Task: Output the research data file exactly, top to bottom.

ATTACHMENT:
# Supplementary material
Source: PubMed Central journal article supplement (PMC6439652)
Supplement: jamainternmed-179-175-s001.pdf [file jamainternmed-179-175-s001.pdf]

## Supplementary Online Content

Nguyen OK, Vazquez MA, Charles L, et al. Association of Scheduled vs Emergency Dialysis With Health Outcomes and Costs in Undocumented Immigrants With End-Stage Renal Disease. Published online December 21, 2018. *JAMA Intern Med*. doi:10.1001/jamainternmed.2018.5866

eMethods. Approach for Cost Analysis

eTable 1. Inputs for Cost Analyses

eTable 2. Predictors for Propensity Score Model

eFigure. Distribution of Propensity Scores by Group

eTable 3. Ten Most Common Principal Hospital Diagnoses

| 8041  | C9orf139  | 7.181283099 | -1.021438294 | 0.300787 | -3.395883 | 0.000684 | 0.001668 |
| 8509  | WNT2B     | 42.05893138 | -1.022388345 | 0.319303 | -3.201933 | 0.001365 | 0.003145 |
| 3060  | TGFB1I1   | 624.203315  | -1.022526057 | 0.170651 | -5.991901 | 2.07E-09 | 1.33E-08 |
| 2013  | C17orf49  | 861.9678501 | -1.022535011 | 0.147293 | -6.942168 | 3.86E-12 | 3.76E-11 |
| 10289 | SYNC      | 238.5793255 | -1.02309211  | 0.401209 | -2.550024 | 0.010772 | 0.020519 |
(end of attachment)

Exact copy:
# Supplementary material
Source: PubMed Central journal article supplement (PMC6439652)
Supplement: jamainternmed-179-175-s001.pdf [file jamainternmed-179-175-s001.pdf]

## Supplementary Online Content

Nguyen OK, Vazquez MA, Charles L, et al. Association of Scheduled vs Emergency Dialysis With Health Outcomes and Costs in Undocumented Immigrants With End-Stage Renal Disease. Published online December 21, 2018. *JAMA Intern Med*. doi:10.1001/jamainternmed.2018.5866

eMethods. Approach for Cost Analysis

eTable 1. Inputs for Cost Analyses

eTable 2. Predictors for Propensity Score Model

eFigure. Distribution of Propensity Scores by Group

eTable 3. Ten Most Common Principal Hospital Diagnoses

| 8041  | C9orf139  | 7.181283099 | -1.021438294 | 0.300787 | -3.395883 | 0.000684 | 0.001668 |
| 8509  | WNT2B     | 42.05893138 | -1.022388345 | 0.319303 | -3.201933 | 0.001365 | 0.003145 |
| 3060  | TGFB1I1   | 624.203315  | -1.022526057 | 0.170651 | -5.991901 | 2.07E-09 | 1.33E-08 |
| 2013  | C17orf49  | 861.9678501 | -1.022535011 | 0.147293 | -6.942168 | 3.86E-12 | 3.76E-11 |
| 10289 | SYNC      | 238.5793255 | -1.02309211  | 0.401209 | -2.550024 | 0.010772 | 0.020519 |